A black dog in the San Francisco Bay Area is sticking its tongue out during puppy training.
When we bring home puppies or new adult dogs, we can’t help but have certain expectations. Sometimes our dogs are a perfect match for us, other times a sense of disappointment wiggles in.  Maybe it’s time to grab a pen and paper and try to better understand what’s going on.
First, read the following statements and circle the ones that best describe why you chose the dog you have. If none of them applies, write down your own reasons for why you chose your dog.

Examples: I wanted a cute puppy/dog. I don’t like dog hair. I like big dogs. I like couch potato dogs. I wanted a family dog. I wanted a therapy dog. I wanted a canine athlete. The dog needed a home. I wanted a guard dog.

Okay. Now let’s ignore for a moment the reasons why you chose your dog and create a list of what you have observed about your dog.  Again, circle the behaviors that apply or make your own list.

Examples: My dog… Likes people. Likes dogs more than people. Is good/not good with children. Is constantly busy. Tires quickly. Is uneasy in new environments. Chases things or likes to be chased. Is inquisitive and curious. Is shy and reserved. Is distracted by small animals/wheeled objects. Loves toys more than food, or vice versa.

Finally, circle on the page or make a list of the things your dog is good at. This might take a little time, as I’m sure your dog is good at many things – they just might not be the things you want him to be good at!

Examples: Keeping deer out of the yard. Letting me know when someone has arrived at the house. Digging where a gopher hole is. Retrieving anything at anytime. Herding the children while they are in the pool. Searching through the trash. Jumping up onto the kitchen table.

Now let’s consider some interesting facts. The Fédération Cynologique Internationale, the largest registry of dog breeds in the world, states that there are 339 accepted breeds. “Accepted” means that the breed can be classified in one of ten groups: Herding, Guarding, Terrier, Dachshund, Primitive, Scenthound, Sighthound, Pointer and Setter, Retriever and Flushing, Companion and Toy.

Each of the 339 accepted breeds was bred for a specific purpose: to hunt, guard our possessions, herd our livestock, cuddle comfortably on our laps, etc.  There are also countless great dogs who are not classified but originated from the inter-breeding of “accepted” breeds and therefore carry a mix of breeding traits.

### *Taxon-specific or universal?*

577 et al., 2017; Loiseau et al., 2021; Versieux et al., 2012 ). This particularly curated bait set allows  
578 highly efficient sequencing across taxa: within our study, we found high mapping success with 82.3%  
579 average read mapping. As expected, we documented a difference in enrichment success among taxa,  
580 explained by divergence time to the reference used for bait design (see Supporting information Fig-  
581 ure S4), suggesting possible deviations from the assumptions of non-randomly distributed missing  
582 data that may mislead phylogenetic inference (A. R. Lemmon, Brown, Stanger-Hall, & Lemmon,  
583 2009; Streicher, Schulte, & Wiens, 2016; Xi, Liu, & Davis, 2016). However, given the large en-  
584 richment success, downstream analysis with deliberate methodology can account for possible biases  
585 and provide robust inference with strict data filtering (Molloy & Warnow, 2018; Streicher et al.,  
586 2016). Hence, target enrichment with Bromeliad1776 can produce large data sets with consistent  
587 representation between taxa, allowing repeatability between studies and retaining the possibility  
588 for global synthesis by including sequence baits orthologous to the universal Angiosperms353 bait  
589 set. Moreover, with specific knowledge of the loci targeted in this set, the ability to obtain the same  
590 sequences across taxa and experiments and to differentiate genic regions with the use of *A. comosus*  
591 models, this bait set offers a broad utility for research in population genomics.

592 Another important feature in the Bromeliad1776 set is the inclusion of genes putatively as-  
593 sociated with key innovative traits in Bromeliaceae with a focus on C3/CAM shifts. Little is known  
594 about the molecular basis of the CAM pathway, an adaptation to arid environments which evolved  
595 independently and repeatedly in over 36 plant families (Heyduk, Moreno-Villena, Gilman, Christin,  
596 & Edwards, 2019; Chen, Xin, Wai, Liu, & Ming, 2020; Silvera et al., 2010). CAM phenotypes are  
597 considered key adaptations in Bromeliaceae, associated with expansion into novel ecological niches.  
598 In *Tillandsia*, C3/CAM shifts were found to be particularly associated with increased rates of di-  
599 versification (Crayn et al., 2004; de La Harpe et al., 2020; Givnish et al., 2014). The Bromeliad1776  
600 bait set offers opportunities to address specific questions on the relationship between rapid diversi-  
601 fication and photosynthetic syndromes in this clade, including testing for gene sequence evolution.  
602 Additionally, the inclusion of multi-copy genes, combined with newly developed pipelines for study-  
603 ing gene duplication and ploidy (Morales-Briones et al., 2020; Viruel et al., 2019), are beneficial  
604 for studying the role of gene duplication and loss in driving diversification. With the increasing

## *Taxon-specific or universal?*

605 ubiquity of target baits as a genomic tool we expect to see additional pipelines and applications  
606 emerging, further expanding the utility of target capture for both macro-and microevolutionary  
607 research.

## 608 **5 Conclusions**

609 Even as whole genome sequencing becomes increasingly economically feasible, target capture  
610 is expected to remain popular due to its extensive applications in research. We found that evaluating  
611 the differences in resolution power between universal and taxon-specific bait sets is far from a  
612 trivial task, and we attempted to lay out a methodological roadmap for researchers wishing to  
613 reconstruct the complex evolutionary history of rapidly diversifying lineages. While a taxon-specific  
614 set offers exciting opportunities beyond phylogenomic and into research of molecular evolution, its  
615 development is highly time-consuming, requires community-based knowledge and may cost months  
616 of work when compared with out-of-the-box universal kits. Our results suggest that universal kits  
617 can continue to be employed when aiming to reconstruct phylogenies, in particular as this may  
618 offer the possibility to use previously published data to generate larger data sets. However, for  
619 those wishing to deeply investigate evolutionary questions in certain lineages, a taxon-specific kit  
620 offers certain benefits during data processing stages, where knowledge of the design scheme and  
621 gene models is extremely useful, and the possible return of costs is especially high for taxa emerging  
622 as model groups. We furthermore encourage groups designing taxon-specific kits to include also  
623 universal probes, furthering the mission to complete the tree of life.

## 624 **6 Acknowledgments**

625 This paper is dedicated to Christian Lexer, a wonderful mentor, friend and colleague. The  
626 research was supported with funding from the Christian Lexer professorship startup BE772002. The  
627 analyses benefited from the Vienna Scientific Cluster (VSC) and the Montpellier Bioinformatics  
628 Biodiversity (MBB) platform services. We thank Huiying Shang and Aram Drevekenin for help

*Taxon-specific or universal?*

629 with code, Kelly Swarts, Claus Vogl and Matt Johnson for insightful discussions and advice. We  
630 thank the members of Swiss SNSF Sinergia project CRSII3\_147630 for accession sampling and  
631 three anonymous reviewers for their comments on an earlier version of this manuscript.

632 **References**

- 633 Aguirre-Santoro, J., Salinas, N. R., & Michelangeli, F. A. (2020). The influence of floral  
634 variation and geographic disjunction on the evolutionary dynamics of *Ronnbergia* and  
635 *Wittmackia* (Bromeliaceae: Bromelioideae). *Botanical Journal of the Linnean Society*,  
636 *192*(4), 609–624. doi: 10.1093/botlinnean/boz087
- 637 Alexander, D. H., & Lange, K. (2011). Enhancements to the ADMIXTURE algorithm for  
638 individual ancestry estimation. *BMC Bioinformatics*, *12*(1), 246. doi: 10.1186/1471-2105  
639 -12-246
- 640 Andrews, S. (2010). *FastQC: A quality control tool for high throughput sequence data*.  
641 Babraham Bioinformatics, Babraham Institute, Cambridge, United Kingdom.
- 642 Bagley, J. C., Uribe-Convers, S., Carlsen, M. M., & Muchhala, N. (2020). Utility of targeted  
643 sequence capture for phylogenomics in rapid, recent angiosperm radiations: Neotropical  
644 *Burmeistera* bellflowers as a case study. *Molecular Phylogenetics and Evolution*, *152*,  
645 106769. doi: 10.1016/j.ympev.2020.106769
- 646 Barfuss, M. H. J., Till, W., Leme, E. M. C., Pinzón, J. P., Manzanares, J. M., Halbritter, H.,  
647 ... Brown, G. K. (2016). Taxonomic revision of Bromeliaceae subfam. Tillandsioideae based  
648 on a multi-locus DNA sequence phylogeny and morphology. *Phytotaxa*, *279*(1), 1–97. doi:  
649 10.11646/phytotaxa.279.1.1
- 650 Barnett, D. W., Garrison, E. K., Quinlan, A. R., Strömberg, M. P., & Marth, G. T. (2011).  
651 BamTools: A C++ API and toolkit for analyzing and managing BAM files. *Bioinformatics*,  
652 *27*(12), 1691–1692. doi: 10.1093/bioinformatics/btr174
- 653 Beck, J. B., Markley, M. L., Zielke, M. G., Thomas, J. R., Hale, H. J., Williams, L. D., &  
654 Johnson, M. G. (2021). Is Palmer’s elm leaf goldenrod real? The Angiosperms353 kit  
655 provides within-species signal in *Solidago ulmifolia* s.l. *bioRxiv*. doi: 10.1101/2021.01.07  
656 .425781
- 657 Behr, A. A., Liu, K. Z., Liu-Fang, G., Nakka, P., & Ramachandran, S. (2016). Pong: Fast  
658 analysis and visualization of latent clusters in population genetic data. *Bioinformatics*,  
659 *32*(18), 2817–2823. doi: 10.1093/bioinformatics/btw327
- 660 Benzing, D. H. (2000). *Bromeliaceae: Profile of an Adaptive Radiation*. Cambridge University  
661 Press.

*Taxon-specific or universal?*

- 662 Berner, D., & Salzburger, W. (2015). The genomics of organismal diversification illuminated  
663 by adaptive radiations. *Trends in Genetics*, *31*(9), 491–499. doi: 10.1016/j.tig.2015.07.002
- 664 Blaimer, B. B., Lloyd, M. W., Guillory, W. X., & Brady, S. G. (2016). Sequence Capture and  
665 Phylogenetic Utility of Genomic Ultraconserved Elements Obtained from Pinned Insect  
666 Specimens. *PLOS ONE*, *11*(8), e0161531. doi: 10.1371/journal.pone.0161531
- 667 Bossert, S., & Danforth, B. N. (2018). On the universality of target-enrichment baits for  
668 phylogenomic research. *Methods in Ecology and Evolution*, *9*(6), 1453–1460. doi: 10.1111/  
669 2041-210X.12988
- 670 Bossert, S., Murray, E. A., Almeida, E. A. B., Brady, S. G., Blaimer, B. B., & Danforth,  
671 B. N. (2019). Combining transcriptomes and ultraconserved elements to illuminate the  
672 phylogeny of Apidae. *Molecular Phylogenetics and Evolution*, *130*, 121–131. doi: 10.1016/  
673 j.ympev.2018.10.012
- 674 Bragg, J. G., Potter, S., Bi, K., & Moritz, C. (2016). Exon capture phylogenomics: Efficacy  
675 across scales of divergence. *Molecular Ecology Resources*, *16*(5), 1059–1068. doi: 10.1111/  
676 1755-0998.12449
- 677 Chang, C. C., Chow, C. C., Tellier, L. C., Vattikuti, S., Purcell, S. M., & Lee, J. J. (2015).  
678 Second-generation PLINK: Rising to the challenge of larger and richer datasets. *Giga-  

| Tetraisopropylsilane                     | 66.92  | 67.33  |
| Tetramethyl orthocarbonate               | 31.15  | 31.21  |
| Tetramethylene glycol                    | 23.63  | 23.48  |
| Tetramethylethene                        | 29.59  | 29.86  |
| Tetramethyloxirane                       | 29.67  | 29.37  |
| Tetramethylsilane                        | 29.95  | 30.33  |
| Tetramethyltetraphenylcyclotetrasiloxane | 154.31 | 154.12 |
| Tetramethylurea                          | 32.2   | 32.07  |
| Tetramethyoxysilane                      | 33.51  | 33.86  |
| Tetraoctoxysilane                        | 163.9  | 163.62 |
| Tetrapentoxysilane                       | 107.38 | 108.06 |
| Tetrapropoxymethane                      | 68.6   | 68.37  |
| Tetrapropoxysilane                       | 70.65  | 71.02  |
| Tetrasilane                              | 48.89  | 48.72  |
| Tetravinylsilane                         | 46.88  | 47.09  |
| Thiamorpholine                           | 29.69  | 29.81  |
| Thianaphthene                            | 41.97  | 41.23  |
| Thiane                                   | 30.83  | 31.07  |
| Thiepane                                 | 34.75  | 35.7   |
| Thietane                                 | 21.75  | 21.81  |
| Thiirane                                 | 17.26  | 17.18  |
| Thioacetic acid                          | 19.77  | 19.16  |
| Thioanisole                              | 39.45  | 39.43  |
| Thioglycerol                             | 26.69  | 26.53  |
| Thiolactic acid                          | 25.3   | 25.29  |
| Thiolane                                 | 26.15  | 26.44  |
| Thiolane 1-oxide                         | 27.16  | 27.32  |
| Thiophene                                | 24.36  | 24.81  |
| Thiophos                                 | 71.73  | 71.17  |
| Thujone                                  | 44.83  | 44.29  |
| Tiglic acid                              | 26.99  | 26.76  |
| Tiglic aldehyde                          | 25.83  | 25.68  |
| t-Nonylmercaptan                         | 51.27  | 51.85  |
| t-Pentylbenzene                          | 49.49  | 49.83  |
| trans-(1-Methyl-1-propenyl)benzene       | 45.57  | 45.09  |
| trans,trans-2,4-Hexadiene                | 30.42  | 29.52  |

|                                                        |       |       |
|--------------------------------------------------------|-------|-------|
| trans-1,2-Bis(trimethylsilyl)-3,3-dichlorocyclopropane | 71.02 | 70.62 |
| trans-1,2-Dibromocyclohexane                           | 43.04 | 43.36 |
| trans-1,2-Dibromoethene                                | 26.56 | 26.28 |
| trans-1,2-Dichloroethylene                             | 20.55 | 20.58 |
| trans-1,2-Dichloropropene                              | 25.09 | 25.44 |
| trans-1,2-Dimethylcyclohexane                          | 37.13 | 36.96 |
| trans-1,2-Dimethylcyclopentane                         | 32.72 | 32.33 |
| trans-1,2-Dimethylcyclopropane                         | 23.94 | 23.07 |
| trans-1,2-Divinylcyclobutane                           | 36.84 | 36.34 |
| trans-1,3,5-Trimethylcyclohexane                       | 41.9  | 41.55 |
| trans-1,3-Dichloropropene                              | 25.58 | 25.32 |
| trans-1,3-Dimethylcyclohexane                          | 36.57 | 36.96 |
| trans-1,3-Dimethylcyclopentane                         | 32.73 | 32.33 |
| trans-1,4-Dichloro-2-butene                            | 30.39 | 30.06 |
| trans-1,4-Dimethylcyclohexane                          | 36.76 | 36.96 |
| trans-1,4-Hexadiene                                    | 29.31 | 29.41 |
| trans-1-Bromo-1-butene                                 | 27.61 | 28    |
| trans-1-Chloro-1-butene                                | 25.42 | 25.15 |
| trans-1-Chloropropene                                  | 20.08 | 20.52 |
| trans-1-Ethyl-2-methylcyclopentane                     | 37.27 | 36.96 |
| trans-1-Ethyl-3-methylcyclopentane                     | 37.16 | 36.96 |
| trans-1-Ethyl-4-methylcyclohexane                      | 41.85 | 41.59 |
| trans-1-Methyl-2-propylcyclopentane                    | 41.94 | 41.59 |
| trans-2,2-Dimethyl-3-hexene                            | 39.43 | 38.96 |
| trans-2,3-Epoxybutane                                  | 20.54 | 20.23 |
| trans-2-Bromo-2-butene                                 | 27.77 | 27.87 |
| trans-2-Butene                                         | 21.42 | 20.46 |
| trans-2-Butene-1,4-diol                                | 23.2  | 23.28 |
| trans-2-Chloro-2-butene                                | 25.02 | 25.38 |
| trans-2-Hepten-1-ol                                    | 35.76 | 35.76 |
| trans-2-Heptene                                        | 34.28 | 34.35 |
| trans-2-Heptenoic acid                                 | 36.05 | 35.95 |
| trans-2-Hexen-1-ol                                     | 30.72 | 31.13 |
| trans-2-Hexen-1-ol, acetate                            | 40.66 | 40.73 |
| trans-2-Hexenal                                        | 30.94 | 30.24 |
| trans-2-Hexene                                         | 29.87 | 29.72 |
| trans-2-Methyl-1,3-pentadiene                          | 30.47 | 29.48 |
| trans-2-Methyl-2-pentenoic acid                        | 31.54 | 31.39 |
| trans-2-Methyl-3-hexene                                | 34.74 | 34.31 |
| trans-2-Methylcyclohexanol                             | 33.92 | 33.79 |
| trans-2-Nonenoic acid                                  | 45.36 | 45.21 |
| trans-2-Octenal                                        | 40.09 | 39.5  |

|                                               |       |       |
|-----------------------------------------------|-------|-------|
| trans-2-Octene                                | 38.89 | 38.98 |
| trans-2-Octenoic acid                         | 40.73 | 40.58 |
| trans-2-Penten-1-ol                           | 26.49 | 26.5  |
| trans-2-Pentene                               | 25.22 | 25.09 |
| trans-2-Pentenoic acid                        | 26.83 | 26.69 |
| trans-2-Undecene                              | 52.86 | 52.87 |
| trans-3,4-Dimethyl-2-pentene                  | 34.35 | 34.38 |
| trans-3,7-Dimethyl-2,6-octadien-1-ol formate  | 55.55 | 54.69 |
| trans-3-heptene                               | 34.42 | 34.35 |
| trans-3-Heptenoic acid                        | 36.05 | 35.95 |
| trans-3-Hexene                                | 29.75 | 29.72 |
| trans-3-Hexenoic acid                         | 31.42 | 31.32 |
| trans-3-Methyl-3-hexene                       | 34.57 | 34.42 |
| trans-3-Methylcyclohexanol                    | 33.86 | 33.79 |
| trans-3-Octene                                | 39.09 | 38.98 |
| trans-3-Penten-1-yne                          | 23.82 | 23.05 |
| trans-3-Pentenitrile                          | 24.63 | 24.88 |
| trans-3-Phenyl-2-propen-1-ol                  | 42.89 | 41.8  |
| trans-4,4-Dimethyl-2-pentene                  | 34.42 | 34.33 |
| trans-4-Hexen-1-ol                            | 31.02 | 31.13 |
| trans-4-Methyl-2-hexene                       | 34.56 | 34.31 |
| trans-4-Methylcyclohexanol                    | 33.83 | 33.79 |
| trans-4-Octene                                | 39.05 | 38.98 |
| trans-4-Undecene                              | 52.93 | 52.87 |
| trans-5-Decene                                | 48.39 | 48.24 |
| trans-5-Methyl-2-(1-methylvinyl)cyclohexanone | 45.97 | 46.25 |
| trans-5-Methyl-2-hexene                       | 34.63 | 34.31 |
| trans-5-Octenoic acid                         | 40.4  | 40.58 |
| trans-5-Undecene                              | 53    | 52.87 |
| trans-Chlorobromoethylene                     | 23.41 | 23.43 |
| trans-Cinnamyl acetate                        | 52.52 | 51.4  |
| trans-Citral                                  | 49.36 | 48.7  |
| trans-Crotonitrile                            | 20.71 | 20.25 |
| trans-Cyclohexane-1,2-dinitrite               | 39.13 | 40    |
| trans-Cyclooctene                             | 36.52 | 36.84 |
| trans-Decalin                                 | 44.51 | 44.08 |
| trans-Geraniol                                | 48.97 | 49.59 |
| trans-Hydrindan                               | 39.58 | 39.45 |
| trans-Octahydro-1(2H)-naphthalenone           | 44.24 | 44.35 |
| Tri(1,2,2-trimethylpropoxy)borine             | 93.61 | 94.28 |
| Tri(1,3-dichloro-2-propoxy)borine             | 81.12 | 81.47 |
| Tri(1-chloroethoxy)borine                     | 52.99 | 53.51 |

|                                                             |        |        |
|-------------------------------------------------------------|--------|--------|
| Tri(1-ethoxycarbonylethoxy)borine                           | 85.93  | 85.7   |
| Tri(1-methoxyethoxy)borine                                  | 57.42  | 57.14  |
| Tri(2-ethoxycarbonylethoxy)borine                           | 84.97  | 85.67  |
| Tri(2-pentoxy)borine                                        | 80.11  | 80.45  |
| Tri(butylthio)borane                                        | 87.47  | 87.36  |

With this in mind, let’s return to why you chose your dog. Consider the breed group to which your dog belongs. If you are not familiar with the breed, do a little research. If you don’t know your dog’s breed group, make your best guesstimate based on the look and behavioral traits or your dog. Now, compare your list of what you know about your dog and the list of your dog’s skills.

This exercise is designed to help you understand who your dog is. The dog you have might not match your original vision, but based on his or her individual traits you can adjust how you train and your training goals. This reckoning can help create a bond between you and your dog that you previously did not think was possible.

Labradoodles might be non-shedders and good family dogs, but they can be active dogs that need mental and physical stimulation. Beagles may be adorable, but they can get so distracted by smells that they forget their humans even exist.  Coming when called can be a huge challenge for them. The Tibetan Terrier is classified as a companion dog, which could make it a good therapy dog, but Tibetans can also be very independent and wary of strangers and new environments.

Having trained thousands of dogs and owned several different breeds myself, I have learned that it pays to be flexible. There are always those dogs who don’t fit the mold of what they were bred to do, but when we keep the individuality of our dogs in mind, training really gets fun!  Once we adjust our expectations and begin to know our dogs as they are, we can play to their strengths and enjoy wonderful results.

Bonnie Brown-Cali owns Dog Dynamics, Inc., a Bay Area dog training school that offers a wide variety of private, semiprivate, and group classes in the East Bay.  For more information, visit dogdynamics.org or email info@dogdynamics.org.

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